In some personal injury cases, it can be difficult to prove who is at fault because there is no direct evidence showing exactly how an injury occurred. In some of these situations, it may be impossible to prove negligence because of a lack of evidence. In some cases, however, a legal doctrine called “res ipsa loquitur” may help personal injury plaintiffs recover damages even when there is no direct evidence that another person caused the injury.
What is Res Ipsa Loquitur?
Res ipsa loquitur is a Latin term that means “the thing speaks for itself.” This legal doctrine applies when an injury would not have occurred unless a defendant was negligent in some way. In such cases, a judge or jury is allowed to infer that the defendant was legally negligent, even if there is no specific finding as to the cause of the accident. Proving res ipsa loquitur in Florida requires a plaintiff to prove three elements: (1) that direct proof of negligence is unavailable; (2) that the instrumentality that caused the injury was under the exclusive control of the defendant; and (3) that the injury would not, in the ordinary course of events, have occurred without negligence on the part of the defendant.
When Does Res Ipsa Apply in Personal Injury Cases?
Recent Florida cases illustrate several examples of plaintiffs using res ipsa loquitur in personal injury claims. In a 1998 case, Lawrence McDougald claimed that Henry Perry and his employer, C&S Chemical, Inc., were negligent in causing injuries McDougald sustained in a car accident. McDougald was driving behind a tractor-trailer driven by Perry when a spare tire under the trailer came out of its cradle and collided with McDougald’s windshield. The Supreme Court of Florida ruled that res ipsa loquitur applied to this case because a spare tire escaping from its cradle is the type of accident which would not occur but for the failure to exercise reasonable care by the person who had control of the tire. The Court also noted that a plaintiff using res ipsa loquitur is not required to eliminate with certainty all other possible causes of the accident; rather, a plaintiff must only show evidence that reasonable persons can say that it is more likely than not that there was negligence associated with the cause of the accident.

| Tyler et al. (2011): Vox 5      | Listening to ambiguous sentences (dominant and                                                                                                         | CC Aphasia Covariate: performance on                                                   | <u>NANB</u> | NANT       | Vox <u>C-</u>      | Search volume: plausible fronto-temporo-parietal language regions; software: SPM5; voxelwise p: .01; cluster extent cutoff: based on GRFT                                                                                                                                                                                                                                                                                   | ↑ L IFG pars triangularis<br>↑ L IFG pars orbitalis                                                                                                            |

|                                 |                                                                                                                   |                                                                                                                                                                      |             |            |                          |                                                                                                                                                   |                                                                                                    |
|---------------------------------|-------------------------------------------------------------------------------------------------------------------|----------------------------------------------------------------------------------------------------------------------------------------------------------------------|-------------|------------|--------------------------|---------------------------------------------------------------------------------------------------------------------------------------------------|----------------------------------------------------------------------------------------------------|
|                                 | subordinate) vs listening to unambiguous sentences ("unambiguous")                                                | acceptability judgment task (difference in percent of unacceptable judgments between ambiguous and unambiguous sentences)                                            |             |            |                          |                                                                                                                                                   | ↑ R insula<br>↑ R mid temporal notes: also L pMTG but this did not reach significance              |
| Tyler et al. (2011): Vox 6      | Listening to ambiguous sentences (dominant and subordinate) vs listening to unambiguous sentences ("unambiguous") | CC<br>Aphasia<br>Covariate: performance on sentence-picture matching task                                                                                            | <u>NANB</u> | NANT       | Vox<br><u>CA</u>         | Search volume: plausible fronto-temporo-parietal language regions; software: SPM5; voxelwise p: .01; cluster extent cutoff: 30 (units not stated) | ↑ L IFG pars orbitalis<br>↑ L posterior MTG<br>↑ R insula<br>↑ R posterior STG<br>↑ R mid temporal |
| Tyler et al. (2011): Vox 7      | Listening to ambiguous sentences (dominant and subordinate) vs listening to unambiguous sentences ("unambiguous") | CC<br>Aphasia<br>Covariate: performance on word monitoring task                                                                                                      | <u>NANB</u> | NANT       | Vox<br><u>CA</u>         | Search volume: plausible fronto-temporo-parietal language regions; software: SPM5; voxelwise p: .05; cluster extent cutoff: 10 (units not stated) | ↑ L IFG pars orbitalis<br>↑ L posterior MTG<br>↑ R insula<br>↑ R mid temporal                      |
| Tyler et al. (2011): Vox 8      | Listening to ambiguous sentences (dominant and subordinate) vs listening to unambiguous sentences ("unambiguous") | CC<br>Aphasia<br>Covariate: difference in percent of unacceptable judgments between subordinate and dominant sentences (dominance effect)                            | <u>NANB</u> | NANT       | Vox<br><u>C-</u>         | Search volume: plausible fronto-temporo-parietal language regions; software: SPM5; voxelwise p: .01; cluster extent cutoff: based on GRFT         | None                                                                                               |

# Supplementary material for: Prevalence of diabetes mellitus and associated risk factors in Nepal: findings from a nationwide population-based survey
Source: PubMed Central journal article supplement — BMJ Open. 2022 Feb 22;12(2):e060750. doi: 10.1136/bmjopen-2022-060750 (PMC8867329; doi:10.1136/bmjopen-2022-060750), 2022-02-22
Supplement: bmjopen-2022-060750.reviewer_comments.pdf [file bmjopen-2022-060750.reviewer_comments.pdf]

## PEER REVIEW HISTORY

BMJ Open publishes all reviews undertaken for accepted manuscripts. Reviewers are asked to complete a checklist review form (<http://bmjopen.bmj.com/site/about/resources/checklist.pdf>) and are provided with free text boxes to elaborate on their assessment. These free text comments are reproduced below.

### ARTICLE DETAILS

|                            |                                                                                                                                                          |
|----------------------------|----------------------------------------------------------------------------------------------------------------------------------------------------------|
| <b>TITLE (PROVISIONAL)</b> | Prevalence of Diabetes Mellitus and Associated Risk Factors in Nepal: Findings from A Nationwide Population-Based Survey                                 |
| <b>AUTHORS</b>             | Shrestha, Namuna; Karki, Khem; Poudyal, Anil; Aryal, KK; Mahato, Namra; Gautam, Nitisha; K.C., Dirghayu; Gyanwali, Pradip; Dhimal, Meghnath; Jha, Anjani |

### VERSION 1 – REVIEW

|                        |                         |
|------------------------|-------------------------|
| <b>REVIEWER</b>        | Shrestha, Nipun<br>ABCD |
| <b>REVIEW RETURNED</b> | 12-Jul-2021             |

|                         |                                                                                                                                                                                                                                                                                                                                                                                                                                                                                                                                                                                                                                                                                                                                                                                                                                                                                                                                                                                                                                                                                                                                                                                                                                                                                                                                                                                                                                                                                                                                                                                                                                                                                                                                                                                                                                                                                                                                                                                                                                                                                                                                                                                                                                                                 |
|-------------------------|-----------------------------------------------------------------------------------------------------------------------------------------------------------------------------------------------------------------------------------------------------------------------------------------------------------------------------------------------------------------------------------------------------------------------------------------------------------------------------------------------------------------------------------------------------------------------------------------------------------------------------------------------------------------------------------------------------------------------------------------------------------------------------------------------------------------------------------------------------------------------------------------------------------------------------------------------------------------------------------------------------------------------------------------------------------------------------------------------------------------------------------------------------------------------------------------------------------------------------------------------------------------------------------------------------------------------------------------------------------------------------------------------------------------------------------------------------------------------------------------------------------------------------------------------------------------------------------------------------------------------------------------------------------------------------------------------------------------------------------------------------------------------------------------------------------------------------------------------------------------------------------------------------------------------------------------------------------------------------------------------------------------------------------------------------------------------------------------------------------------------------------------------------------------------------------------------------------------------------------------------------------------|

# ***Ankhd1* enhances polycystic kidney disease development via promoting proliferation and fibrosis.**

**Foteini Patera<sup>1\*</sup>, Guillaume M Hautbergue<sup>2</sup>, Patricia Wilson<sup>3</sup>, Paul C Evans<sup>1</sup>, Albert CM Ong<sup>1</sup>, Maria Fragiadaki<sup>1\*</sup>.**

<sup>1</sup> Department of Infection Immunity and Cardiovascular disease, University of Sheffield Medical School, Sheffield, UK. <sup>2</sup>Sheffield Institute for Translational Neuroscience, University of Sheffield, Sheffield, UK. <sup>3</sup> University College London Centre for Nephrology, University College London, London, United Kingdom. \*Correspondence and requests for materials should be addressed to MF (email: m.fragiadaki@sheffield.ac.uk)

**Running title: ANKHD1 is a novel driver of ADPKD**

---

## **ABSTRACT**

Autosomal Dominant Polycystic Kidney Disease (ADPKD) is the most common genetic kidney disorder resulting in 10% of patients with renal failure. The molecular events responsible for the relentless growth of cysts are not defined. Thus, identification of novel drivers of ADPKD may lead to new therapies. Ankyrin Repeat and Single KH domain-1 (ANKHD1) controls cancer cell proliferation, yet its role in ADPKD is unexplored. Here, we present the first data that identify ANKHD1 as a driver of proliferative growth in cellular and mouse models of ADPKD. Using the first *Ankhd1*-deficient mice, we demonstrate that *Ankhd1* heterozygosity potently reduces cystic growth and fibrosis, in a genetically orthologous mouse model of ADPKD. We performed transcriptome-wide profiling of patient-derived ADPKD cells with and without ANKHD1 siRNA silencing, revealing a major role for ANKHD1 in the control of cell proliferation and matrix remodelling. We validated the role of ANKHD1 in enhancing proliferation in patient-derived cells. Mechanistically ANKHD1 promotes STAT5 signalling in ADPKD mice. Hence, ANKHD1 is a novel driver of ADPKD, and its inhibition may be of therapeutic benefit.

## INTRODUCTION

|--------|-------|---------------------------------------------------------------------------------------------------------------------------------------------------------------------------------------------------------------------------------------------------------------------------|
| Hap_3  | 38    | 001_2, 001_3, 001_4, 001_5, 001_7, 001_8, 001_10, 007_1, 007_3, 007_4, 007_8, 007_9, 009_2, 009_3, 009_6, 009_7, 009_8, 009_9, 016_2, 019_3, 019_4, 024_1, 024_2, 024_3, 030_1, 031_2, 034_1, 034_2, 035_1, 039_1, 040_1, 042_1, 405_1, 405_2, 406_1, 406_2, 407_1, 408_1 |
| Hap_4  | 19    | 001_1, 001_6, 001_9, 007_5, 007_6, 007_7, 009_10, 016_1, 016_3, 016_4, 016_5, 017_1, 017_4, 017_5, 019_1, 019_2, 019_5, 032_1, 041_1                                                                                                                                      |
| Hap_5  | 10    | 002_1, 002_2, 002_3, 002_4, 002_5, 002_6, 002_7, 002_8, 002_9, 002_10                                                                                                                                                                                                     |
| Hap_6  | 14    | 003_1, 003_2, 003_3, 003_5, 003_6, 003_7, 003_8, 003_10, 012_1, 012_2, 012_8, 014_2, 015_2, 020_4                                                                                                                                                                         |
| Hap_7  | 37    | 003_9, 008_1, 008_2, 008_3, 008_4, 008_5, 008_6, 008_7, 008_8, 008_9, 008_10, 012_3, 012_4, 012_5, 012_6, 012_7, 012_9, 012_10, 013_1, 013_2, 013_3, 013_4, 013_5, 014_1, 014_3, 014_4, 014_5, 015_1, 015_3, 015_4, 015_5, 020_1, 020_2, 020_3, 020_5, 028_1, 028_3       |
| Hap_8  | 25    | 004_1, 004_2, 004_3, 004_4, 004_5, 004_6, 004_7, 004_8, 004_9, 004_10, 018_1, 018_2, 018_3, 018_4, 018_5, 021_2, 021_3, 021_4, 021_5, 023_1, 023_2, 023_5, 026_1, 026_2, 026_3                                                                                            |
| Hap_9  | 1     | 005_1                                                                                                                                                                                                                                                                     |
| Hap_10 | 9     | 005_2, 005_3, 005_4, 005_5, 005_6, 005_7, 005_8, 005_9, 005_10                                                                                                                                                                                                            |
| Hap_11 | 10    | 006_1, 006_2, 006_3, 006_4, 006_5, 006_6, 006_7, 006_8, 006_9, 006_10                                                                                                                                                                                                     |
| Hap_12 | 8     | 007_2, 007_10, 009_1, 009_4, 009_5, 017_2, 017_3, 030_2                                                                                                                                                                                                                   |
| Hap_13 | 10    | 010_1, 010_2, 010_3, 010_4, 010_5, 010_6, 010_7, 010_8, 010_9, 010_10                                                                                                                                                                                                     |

In other cases, res ipsa has not been successful in proving personal injury claims. In 2012, Angela Hancock was injured in a Wal-Mart store when three bags of beach toys fell from a display shelf and struck her head, shoulder, and back. In her trial, Hancock requested that the jury receive a res ipsa loquitur instruction that it could infer that Wal-Mart acting negligently despite the absence of direct evidence showing how it caused her injury. The district court denied her request, and the jury ruled in favor of Wal-Mart. On appeal, Hancock claimed that the court erred in failing to instruct the jury on res ipsa loquitur, but the Eleventh Circuit Court of Appeal in Florida disagreed. The Court of Appeal ruled that Hancock had failed to satisfy the first element of res ipsa loquitur – that there was no direct proof of negligence – because she introduced evidence at trial showing exactly how a Wal-Mart employee had been negligent in stacking the beach toys incorrectly. Since evidence of negligence was available to the jury, res ipsa was not a legitimate theory of recovery.
Need More Help?
If you or a loved one has suffered an injury due to another’s negligence, you may be entitled to compensation for your injuries even if there is no direct evidence of how the other party caused the injury. While res ipsa loquitur is rare in its application, it is both necessary and useful in cases where it does indeed apply. The experienced personal injury lawyers, John Piccin and Katie Glynn at Piccin & Glynn have over 40 years of experience and can help you through the difficult process of pursuing a personal injury claim.